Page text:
This was a case where a 58 year old, co-extrusion operator with some 13 years seniority with Depco was terminated for just cause. Depco alleged that there were nine (9) incidents where progressive discipline was imposed (see paragraph 7 of the decision for a summary).
I'd like to highlight two (2) aspects of this case. First, the discussion of employee handbooks. Second, the discussion of "cumulative" just cause.
Justice Echlin made some helpful comments about an Employee Handbook that had been prepared and distributed by Depco and "signed off" by the employees. The Handbook contained a section entitled Corrective Discipline which contained the following:
Normal discipline will follow these progressive steps:
1) counseling (one time)
2) Verbal Warning
3) Written Warning
The specific disciplinary action to be taken will be related to the nature and seriousness of the offence, the employee's past record with the Company, and disciplinary action taken with other employees who have committed similar offenses. Any disciplinary action will be removed from the employee's record after one year.
The employee argued any discipline that pre-dated the termination had been "expunged" from the record because of the wording of the Handbook. Mr. Justice Echlin agreed stating that:
I reject Depco's argument that the wording as it stands requires a complaint-free period before past disciplinary action is removed from the record. If this is now truly Depco's intention, then it should say so in express terms. In the absence of clear language requiring a period of good conduct in order to have prior misdemeanours removed, I am unable and unwilling to create such a restriction to a term otherwise favourable to employees and as drafted by Depco.
A review of the wording of the manual gives no authority for acceleration the progressive steps as set out by Depco. If it had intended to confer such a discretion upon the Human Resources Manager, it ought to have done so expressly.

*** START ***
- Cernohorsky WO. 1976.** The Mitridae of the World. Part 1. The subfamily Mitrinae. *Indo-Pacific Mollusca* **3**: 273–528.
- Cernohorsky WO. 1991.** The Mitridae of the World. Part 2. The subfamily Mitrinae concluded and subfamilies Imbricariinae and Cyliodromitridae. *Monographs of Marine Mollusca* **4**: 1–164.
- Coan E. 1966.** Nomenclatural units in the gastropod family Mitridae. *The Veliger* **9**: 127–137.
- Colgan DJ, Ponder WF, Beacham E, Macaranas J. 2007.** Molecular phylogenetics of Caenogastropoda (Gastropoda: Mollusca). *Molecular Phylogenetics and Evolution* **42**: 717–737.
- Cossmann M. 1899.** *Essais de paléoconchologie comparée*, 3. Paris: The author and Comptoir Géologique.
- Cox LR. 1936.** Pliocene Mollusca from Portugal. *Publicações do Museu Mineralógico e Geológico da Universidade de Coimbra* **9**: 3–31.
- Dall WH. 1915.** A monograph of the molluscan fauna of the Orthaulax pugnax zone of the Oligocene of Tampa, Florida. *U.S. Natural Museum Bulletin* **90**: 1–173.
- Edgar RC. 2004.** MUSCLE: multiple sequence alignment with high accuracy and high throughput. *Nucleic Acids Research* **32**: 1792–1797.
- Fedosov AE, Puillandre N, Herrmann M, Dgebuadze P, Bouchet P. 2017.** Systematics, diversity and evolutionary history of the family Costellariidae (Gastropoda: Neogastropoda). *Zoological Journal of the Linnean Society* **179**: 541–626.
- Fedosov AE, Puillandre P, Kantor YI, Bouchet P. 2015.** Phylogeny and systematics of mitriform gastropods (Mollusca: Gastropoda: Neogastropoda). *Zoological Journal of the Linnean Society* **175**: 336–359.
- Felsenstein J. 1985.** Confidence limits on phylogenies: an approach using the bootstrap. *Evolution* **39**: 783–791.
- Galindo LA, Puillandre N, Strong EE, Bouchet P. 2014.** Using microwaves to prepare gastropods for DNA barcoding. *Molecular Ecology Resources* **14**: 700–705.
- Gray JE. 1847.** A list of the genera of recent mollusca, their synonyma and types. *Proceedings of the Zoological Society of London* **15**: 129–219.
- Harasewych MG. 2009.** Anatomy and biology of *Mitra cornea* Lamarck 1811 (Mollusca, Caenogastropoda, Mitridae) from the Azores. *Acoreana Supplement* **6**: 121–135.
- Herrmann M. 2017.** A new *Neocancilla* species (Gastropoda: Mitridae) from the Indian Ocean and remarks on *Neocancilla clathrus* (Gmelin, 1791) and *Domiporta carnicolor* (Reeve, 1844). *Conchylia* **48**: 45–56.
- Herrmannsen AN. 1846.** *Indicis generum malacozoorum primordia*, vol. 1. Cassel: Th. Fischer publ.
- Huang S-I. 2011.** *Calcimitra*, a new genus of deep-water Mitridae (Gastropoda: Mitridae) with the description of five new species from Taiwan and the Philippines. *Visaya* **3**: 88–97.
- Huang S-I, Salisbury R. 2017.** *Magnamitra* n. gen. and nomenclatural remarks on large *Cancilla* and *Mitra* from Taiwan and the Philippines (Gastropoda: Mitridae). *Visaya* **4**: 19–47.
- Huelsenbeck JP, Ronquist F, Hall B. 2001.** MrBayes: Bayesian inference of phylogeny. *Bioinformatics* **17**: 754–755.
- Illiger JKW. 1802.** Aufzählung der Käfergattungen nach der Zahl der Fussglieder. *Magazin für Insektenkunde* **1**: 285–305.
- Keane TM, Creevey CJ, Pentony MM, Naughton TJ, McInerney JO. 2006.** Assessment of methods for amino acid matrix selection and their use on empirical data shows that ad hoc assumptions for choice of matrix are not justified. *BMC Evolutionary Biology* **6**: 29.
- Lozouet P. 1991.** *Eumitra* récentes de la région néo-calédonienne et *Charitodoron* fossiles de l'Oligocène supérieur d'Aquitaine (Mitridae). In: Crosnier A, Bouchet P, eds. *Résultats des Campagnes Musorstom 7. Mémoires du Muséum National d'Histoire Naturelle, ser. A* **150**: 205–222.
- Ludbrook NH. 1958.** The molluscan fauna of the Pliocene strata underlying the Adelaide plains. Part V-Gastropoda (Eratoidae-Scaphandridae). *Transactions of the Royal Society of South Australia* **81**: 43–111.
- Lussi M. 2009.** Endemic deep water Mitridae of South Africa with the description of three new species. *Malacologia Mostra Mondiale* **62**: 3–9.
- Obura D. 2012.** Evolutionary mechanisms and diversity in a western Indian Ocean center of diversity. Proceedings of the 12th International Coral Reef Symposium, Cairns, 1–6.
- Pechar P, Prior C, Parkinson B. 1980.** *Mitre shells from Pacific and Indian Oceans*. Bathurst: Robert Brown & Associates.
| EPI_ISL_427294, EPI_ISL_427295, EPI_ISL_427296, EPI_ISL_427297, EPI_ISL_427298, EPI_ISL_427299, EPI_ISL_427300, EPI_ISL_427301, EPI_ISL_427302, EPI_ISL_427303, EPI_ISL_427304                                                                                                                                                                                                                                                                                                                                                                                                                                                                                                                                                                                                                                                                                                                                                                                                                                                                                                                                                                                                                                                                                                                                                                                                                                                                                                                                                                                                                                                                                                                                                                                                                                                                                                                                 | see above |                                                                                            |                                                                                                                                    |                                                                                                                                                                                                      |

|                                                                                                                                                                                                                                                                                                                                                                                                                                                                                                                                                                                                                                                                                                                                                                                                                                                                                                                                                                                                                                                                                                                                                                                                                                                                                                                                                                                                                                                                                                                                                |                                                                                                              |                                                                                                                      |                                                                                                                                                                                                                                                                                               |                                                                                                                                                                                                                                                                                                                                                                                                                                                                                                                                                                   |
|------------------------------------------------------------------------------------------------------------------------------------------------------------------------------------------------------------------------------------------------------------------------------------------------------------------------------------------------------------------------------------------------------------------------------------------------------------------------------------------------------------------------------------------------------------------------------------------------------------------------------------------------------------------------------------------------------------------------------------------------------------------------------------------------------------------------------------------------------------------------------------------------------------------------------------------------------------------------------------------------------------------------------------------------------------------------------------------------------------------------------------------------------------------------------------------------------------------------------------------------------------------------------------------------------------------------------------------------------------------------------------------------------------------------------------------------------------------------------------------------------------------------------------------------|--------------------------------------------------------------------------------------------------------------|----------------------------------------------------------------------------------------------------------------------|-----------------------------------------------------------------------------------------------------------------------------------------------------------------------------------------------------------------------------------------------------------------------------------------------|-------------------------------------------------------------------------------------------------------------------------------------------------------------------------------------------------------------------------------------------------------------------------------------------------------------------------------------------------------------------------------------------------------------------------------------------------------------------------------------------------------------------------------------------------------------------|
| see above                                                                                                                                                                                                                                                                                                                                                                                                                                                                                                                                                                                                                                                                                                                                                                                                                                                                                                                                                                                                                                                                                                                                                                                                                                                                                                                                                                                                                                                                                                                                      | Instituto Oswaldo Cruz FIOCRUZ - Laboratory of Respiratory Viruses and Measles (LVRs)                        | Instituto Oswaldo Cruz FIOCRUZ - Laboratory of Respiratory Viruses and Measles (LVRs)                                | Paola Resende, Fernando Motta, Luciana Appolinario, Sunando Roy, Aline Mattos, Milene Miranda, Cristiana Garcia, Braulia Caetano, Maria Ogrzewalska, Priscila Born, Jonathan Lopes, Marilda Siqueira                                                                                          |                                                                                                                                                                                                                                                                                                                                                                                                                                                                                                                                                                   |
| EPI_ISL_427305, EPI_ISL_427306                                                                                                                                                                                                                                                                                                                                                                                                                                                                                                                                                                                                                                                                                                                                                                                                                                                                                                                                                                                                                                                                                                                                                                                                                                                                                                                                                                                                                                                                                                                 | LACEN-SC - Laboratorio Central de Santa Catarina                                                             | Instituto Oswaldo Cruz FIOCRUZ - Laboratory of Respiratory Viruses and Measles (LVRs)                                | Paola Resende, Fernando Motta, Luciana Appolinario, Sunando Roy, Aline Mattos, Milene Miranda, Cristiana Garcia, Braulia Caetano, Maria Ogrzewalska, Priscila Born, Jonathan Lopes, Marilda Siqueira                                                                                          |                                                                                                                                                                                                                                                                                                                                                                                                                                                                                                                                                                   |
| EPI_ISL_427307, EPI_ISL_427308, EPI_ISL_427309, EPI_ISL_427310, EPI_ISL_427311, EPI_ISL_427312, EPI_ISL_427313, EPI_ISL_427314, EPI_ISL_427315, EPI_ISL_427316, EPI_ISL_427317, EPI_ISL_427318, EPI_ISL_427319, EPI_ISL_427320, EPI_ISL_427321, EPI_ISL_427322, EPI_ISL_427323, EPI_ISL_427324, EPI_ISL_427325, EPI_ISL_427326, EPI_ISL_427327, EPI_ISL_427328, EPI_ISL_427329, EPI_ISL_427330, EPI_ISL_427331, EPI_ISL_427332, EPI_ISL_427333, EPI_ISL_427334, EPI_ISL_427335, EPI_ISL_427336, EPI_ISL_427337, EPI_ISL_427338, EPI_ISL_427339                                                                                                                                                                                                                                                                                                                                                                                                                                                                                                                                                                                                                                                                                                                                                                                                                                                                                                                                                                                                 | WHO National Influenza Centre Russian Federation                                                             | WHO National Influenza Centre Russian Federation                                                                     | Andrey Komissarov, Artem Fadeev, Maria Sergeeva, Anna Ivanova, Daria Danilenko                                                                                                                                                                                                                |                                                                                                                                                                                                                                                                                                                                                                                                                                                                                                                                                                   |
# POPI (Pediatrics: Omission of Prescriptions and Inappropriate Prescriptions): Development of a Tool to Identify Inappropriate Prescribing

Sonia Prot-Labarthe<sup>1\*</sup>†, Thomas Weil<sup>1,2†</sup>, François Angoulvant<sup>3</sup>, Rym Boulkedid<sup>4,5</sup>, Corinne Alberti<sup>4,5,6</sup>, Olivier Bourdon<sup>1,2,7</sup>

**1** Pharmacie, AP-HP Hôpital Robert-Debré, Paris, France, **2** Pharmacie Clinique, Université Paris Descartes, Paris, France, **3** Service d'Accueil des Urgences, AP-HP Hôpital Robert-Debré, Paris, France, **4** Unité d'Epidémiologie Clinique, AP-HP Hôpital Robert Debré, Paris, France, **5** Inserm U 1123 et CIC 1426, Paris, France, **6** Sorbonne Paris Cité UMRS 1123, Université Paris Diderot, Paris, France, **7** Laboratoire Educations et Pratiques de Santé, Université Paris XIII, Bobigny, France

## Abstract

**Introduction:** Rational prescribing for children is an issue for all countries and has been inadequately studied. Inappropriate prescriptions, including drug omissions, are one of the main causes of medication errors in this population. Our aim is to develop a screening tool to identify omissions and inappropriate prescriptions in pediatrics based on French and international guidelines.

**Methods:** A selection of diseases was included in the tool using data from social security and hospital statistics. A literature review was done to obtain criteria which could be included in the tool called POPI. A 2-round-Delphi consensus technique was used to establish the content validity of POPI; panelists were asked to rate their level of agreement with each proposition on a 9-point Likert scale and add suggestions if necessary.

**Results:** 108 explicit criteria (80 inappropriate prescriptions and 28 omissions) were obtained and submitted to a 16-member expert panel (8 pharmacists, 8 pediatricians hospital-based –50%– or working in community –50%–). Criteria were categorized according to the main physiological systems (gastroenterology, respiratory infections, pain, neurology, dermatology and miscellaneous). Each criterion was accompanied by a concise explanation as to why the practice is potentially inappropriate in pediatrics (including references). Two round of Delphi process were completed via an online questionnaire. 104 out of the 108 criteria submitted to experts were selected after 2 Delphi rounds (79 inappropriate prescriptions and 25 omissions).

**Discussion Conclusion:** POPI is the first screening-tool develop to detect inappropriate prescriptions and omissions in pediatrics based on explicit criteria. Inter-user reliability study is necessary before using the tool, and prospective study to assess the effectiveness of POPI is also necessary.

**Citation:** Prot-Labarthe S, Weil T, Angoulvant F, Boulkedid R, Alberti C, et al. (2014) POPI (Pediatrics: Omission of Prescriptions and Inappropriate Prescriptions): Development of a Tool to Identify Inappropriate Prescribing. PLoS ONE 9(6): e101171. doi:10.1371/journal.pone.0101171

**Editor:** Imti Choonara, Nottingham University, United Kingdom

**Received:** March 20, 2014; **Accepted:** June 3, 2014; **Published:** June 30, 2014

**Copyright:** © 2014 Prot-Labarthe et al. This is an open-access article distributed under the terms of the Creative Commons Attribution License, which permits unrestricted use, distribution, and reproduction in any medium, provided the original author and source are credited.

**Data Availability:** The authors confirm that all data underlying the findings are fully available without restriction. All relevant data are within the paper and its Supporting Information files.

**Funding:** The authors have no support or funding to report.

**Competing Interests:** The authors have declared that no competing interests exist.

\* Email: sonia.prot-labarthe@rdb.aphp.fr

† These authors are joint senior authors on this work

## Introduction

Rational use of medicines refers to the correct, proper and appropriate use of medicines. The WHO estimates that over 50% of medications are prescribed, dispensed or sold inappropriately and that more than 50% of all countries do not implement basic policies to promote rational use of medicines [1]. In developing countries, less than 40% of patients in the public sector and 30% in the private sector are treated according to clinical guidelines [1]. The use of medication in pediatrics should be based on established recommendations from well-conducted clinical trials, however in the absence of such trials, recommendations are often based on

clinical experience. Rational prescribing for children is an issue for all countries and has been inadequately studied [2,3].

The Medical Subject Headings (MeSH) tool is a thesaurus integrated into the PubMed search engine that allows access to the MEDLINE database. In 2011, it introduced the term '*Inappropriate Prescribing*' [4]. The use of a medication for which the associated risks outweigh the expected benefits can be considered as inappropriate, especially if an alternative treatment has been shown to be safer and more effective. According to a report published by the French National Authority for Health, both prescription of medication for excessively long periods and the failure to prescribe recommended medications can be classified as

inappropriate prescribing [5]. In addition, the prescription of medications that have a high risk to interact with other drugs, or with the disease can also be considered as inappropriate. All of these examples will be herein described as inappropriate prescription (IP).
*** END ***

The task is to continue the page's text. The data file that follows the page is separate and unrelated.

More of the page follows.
While the Handbook could have been more clearly written, and with respect, I'm not entirely sure that the Handbook could not be interpreted as the employer had argued in this case. The Handbook refers to "normal discipline will follow these progressive steps" and "the specific disciplinary action to be taken will be related to the nature and seriousness of the offence, the employee's past record with the Company, and disciplinary action taken with other employees who have committed similar offenses." Furthermore, one would have thought that the employer has some residual discretion in cases of discipline to determine the penalty. For example, if an employee is caught stealing, must the employer give the employee a written warning or can it simply terminate for just cause? Does the Handbook, in effect, tie the employer's hands into discipline by rote? I would have thought that the employer can, initially, determine whether the "punishment fits the crime" only to have that decision overturned by a court if it is of the view that the evidence does not support the employer's decision.
This Court encourages employers to adopt clear and forthright disciplinary procedures and to apply them fairly. By clearly setting out employer expectations and creating a fair and clearly documented regime of discipline, fewer misunderstandings will occur. In short, such a process is more transparent. However, in this instance, if the employer intends that its policies be interpreted in a fashion different than I have found, then it ought to immediately revise and properly give notice of such changes to their policy to provide further clarity. I should observe that there was an element of rigidity and self-granted discretion in the way Ms. Jong-Lee administered her policy.
It is evident that progressive discipline for minor, albeit disciplinable conduct, can culminate in a termination for just cause. The employer, in essence, relies upon the disciplinary record and says "this person is unable or unwilling to change" and the employer should not be expected to continue with the employment relationship in the face of that. What is apparent is that the employee clearly understand certain things including:
- The conduct that is not acceptable
- The expectations of the employer
- The time frame during which improvement must be show
- Follow-up by the employer
- Assistance, if necessary, in achieving the employer expectation
- A clear and unequivocal warning that a failure to improve will result in further disciplinary action up to and including termination.
Put another way, as was done in Duffett v. Squibb Canada Inc. (1992, Nfld. S.C.-T.D.):
Warnings are sufficient where they refer to the concerns of the employer and where, objectively, could be implied that the employee's job is in jeopardy unless the employer's concerns are satisfied. There is no requirement that the warnings be in writing; however, it must be given in clear terms and the employee must understand and appreciate the significance of the warning ...